My most important lesson of 2012 didn’t come from a real estate investing deal – it rarely does. It came from Gary Johnston – financial freedom teacher extraordinaire.
I’ve heard about Gary for the past four or five years but was always too busy to attend his seminars. I thought he was just a financial calculator guy. This past April, I heard Gary for the first time. He is a horse of a different color. Kim and I signed up for his May Financial Freedom seminar in Atlanta. That event changed our lives – the way we look at wealth and investing – forever.
Attend one of Gary’s programs. Don’t wait to pass go and collect $200 – sign up for it today. We’re bringing Gary to Atlanta to speak to our real estate investors group in March. Kim and I will be attending every event he teaches in 2013. Gary’s website is GaryJohnston.com. He really is this good.
The best book I read in 2012 was The Compound Effect by Darren Hardy. Darren writes about the compounding effect our little, everyday decisions have on our lives – both good and bad – over time.
Think of our everyday decisions like the story about the magic-doubling penny. Here’s how the story goes: You get to choose between getting three million dollars cash or a magic penny that doubles in value every day for 31 days. Which do you want?
Most people, because they drastically underestimate the effect of compounding, choose the three million dollars. If they had chosen the magic penny instead, after 31 days, they’d have $10.6 million dollars.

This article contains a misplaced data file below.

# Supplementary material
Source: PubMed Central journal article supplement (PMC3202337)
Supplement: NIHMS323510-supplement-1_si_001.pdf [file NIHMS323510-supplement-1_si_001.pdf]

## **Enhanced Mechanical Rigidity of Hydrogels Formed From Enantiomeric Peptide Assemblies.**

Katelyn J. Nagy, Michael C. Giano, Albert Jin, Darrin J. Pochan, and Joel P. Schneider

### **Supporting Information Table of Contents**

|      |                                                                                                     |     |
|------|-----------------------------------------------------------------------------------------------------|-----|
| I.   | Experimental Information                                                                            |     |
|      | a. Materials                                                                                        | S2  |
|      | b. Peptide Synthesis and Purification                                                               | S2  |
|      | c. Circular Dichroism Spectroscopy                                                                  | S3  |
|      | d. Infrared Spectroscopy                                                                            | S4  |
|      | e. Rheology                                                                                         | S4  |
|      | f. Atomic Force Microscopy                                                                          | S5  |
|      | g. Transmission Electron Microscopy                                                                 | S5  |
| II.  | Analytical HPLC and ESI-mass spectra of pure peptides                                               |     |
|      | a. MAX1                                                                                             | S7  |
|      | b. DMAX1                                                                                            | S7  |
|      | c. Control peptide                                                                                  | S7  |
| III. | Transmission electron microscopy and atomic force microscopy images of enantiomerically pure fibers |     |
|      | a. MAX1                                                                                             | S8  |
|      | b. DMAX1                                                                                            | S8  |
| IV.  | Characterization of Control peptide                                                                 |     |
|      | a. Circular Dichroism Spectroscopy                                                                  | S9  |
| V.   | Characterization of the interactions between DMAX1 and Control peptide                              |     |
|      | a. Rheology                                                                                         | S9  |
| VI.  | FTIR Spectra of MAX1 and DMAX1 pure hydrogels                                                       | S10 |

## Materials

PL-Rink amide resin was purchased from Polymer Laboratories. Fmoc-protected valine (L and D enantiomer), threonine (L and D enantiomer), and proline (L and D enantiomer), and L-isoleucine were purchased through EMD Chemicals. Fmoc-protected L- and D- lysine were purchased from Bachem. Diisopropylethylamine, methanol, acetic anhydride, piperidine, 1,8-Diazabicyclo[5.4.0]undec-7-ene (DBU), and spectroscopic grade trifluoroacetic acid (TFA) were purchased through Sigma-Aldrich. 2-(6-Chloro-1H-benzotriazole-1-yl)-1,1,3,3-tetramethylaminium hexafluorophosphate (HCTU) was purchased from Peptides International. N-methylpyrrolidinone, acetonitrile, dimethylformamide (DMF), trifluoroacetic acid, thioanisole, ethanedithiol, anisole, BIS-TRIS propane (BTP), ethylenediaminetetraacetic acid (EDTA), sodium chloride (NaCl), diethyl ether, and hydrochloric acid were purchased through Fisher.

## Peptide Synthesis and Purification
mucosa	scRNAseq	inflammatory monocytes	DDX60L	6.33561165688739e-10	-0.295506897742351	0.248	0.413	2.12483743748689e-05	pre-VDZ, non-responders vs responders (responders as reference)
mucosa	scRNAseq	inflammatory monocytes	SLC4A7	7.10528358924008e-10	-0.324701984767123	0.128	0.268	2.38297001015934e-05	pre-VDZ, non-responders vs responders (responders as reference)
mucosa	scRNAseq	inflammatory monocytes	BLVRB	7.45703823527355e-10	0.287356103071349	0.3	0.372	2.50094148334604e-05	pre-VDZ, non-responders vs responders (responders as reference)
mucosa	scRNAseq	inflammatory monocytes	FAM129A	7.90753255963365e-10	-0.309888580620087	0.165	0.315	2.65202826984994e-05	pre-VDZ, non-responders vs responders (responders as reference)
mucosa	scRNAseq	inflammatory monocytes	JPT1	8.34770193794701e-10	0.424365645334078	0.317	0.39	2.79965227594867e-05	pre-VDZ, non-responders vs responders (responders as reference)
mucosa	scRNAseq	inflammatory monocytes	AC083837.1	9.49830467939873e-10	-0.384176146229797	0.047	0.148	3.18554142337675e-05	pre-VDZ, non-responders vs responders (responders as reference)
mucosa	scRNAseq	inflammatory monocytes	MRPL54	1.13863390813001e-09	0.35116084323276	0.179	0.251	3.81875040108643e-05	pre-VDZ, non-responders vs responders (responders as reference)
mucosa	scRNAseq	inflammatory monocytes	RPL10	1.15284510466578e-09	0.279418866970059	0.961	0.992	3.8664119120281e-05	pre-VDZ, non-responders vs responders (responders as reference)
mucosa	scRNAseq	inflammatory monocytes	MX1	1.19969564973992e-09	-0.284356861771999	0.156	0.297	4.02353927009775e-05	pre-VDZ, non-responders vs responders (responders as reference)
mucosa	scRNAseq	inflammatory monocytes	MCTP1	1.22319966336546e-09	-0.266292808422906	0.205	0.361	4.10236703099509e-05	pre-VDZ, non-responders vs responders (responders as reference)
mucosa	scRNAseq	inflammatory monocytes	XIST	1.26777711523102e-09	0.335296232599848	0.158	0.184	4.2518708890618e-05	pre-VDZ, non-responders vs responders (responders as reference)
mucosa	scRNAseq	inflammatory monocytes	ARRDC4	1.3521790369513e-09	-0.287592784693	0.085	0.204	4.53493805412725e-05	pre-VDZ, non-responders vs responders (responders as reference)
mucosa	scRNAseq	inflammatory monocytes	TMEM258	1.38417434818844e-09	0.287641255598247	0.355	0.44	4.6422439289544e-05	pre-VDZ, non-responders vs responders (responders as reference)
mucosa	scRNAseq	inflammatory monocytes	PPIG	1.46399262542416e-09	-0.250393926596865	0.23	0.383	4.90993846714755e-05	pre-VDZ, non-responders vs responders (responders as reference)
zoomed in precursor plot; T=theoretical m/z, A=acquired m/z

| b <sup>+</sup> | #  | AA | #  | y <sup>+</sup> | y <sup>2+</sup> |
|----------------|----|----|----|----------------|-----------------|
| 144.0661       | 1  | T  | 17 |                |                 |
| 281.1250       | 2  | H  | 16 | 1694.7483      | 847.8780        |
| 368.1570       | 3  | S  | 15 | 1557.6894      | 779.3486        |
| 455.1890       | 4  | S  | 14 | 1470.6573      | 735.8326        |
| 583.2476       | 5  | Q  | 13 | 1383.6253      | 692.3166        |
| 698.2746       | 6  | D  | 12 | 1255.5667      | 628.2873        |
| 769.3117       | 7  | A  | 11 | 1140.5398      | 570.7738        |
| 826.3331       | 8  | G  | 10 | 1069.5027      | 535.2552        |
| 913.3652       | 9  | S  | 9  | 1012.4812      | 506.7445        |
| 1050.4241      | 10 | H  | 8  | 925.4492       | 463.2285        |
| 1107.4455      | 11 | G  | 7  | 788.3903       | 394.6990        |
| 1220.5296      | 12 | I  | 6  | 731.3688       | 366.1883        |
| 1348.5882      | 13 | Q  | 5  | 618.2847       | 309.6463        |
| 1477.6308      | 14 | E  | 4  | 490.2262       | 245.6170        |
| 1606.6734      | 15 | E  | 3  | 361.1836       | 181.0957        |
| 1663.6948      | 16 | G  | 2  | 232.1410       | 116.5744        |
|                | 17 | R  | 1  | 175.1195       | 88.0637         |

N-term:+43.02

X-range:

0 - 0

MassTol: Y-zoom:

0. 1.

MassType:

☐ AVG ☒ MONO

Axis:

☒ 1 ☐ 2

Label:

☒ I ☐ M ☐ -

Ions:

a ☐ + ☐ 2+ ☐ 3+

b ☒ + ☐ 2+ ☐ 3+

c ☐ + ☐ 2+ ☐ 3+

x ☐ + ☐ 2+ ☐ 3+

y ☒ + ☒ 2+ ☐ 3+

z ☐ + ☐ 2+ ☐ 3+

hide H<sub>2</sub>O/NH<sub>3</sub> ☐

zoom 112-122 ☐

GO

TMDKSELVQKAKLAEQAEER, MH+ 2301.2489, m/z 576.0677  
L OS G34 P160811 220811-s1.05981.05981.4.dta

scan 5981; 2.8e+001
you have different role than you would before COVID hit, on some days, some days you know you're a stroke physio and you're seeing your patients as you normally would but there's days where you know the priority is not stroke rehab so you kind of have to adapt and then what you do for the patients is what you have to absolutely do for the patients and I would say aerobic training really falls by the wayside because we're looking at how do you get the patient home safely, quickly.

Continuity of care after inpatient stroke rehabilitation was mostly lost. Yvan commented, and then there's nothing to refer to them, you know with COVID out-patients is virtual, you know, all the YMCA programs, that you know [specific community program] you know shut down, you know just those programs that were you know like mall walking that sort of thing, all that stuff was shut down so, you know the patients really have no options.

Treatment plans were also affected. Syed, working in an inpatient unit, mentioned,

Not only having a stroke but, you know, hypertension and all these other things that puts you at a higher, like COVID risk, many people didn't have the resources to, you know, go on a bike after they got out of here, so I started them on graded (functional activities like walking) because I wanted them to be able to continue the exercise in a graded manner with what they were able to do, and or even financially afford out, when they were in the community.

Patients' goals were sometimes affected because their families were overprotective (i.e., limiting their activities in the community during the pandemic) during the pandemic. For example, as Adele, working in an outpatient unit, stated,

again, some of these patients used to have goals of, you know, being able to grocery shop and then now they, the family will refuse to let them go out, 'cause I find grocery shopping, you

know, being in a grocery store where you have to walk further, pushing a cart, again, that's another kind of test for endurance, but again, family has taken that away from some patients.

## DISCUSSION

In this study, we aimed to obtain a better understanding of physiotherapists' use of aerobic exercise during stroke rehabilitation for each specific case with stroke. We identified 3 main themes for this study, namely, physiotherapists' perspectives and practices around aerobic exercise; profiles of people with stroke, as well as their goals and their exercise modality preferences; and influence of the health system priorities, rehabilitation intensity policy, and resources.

Here’s the important thing to remember: At day ten, the magic penny is only worth $5.12. At day 15, it’s worth a whopping $164. At day 20, it has climbed only up to $5,243.
Honestly, at day 20, if we were again offered $3 million for our magic penny, how many of us would jump all over the offer?
The compounding effects of our everyday decisions have a similar affect on our lives. If we want to be healthy when we’re in our eighties, then we must eat healthy and workout 45 minutes a day, every day, between now and then.
Likewise, if we want to be successful real estate investors, we must meet with sellers on a regular basis. If we want to be wealthy, we must live well below our means and regularly invest the difference between what we make and what we spend in high-yielding capital assets that increase in value over time and aren’t devastated by taxes. This is a simple concept – but it’s not an easy one.
Final thought: The other day, I was working with a seasoned investor. I had one of my Jim Rohn CDs playing. The investor complained that the “motivational stuff” doesn’t last for him. I was reminded of something Zig Ziglar always said: “People often say that motivation doesn’t last. Well, neither does bathing - that’s why we recommend it daily.”
Bill and Kim’s North Georgia Real Estate Investors Association meets on the second Thursday of each month, from 7 to 9 p.m., at the Hilton Garden Inn off Main Street in Cartersville, Georgia. For more info, go to REIoutpost.com.